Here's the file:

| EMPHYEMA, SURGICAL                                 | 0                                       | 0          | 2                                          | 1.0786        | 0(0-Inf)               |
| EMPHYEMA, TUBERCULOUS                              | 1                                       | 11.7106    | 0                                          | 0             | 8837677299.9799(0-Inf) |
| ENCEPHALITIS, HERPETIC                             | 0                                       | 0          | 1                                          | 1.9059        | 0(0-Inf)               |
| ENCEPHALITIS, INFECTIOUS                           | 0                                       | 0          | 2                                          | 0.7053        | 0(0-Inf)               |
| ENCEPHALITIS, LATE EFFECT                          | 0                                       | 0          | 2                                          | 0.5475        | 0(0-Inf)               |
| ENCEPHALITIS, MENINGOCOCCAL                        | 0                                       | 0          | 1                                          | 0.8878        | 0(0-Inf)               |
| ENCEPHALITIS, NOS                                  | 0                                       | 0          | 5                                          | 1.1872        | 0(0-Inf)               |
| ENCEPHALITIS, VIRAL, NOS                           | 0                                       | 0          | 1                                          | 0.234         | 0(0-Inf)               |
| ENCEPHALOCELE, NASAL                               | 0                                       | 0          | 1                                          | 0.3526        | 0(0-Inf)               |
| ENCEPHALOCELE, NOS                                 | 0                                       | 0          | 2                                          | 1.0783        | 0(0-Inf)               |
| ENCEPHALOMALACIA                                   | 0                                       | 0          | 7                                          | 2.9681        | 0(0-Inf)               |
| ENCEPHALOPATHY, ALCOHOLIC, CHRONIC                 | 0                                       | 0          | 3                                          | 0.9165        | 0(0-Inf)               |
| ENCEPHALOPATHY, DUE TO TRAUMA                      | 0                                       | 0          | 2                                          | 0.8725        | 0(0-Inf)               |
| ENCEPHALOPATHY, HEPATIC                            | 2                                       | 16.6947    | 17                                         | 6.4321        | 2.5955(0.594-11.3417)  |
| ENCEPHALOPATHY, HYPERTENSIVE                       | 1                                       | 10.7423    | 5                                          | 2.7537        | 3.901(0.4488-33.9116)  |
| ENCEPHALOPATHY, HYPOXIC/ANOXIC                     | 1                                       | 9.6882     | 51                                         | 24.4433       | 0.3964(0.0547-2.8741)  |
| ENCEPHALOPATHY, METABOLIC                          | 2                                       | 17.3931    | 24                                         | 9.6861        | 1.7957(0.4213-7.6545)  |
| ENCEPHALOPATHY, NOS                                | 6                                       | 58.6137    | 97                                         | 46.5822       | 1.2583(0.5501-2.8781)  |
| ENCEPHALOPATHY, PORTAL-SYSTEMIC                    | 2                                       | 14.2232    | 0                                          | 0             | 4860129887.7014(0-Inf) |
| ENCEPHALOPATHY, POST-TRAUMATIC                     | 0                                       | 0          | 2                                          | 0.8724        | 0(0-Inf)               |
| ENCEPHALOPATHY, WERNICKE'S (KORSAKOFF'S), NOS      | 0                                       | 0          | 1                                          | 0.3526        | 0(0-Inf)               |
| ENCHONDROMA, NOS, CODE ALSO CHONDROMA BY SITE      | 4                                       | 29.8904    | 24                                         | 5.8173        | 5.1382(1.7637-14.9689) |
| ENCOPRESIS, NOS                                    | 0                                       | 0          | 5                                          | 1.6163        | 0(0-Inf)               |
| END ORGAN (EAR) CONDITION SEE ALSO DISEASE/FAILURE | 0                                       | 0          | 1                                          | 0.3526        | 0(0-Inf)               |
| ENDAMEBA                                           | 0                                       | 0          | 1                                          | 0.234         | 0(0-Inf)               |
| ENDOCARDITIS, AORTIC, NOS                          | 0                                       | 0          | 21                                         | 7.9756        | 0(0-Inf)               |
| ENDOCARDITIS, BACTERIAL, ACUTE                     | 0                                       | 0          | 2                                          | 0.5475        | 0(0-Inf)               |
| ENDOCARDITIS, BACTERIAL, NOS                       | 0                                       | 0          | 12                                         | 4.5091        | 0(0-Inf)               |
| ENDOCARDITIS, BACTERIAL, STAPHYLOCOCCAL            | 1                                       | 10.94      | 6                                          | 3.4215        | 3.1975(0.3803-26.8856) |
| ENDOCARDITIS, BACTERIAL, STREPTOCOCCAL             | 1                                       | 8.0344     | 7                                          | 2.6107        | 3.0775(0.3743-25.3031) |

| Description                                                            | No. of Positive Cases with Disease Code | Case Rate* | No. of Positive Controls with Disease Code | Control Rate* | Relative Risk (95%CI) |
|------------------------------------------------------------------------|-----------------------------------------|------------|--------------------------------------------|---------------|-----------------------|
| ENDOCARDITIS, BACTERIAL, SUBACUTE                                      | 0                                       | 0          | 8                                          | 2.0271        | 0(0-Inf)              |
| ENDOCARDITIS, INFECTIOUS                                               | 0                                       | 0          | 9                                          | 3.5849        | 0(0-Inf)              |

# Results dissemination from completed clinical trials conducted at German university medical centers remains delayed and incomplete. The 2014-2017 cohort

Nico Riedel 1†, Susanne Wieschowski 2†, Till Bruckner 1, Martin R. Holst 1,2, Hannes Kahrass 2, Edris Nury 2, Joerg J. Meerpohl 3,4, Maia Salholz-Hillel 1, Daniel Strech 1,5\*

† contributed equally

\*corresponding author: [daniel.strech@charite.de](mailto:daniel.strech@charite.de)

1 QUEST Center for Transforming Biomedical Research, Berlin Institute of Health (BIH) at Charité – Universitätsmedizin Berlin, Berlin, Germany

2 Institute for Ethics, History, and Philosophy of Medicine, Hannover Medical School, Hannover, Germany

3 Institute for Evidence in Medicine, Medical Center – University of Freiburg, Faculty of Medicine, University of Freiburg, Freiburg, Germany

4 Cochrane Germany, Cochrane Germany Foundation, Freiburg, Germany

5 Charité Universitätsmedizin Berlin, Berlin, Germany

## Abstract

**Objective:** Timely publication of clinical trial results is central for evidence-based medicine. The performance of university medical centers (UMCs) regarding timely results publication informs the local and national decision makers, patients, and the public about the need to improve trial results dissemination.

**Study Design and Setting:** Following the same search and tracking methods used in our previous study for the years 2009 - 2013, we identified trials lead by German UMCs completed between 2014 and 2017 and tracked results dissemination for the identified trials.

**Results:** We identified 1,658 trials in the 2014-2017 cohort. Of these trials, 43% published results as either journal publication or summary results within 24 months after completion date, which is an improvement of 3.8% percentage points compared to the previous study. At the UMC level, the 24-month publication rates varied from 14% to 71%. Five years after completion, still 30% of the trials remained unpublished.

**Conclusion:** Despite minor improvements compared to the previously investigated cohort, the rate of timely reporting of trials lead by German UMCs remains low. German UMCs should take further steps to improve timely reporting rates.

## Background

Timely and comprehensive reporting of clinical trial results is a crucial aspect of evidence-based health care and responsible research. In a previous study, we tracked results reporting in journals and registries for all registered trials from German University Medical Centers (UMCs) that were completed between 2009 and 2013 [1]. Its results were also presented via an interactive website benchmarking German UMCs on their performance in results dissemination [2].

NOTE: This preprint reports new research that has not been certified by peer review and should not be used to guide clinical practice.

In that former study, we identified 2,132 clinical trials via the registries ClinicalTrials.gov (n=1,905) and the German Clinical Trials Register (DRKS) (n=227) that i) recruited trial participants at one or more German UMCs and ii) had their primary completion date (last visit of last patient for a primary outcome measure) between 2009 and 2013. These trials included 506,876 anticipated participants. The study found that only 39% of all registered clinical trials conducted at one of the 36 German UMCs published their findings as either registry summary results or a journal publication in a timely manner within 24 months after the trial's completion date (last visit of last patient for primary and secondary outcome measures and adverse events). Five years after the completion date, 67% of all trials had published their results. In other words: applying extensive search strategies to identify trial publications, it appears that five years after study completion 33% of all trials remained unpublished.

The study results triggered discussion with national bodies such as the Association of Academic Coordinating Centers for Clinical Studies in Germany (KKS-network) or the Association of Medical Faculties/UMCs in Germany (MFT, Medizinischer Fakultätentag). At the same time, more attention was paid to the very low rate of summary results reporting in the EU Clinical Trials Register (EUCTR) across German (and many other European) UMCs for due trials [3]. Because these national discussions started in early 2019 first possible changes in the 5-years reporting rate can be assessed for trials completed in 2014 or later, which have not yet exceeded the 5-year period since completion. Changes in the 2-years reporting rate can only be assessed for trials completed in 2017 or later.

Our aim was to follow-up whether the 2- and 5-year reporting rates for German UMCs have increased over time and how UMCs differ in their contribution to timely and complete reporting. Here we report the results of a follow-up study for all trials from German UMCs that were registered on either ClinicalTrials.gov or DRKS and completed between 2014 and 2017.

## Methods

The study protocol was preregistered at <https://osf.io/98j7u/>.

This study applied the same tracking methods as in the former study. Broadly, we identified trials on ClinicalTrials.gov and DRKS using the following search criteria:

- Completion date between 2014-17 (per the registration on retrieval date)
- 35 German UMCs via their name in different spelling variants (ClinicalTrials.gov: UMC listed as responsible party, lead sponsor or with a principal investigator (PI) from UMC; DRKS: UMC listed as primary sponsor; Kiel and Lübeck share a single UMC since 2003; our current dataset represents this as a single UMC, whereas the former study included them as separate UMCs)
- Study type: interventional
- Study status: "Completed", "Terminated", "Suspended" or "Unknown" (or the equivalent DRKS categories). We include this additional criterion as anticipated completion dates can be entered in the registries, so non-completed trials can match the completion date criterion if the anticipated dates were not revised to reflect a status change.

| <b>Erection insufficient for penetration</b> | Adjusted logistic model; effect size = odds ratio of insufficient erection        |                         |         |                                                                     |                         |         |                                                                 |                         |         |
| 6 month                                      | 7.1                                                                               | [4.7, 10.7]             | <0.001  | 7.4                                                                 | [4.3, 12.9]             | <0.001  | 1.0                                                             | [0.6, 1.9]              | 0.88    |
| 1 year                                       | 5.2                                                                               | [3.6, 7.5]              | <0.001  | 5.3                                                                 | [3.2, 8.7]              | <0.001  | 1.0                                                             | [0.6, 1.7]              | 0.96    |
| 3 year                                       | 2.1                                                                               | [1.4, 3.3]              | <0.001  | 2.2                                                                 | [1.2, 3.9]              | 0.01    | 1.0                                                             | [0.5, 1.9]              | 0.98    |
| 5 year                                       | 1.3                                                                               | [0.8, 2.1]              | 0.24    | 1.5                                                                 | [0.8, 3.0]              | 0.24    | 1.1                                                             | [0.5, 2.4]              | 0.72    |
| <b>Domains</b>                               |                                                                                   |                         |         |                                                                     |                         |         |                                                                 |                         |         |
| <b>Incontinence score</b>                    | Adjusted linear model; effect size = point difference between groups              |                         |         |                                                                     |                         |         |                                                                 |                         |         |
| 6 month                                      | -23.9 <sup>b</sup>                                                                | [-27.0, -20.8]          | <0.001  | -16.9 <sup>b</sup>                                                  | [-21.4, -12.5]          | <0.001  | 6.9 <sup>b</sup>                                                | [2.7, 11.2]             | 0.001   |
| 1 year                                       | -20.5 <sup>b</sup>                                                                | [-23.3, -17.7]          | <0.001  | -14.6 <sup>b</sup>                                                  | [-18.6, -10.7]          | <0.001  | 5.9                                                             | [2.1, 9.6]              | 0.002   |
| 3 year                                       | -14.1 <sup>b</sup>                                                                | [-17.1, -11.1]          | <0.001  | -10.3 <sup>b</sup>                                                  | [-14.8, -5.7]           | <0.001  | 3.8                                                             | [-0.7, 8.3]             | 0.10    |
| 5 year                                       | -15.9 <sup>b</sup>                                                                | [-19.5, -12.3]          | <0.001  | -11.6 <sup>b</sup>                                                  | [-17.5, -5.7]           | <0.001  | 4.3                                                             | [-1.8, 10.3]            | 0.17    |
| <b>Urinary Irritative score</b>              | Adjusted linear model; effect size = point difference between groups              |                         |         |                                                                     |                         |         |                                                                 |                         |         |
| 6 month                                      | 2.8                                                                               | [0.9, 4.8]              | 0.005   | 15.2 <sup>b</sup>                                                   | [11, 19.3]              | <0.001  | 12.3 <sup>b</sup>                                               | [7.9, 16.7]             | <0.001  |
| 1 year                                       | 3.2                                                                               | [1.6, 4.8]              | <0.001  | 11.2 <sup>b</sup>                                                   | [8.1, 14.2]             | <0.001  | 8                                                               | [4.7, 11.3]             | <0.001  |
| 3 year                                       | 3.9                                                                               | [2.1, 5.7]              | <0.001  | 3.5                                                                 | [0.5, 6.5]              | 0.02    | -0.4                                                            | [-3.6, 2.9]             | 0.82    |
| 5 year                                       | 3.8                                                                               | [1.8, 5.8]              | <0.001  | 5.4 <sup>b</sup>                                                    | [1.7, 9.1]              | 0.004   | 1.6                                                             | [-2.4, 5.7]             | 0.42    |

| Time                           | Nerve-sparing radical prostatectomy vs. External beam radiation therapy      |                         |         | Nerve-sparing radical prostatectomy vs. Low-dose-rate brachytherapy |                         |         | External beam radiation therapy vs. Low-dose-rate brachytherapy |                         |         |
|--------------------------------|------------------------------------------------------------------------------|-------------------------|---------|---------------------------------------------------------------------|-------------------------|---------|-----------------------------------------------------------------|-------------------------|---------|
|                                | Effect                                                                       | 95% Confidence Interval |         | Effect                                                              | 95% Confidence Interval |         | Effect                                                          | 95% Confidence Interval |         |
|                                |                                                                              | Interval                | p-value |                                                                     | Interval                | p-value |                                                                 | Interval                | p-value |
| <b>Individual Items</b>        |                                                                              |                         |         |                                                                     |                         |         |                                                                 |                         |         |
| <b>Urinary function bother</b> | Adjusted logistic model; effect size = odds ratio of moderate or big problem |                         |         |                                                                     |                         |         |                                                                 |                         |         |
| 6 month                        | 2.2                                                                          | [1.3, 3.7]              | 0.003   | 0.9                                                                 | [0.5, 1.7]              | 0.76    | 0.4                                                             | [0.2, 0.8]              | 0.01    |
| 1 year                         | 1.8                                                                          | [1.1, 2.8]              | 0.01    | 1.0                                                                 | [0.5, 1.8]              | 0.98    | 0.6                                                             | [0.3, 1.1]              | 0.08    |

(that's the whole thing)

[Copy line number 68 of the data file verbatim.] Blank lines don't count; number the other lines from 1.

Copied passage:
| <b>Incontinence score</b>                    | Adjusted linear model; effect size = point difference between groups              |                         |         |                                                                     |                         |         |                                                                 |                         |         |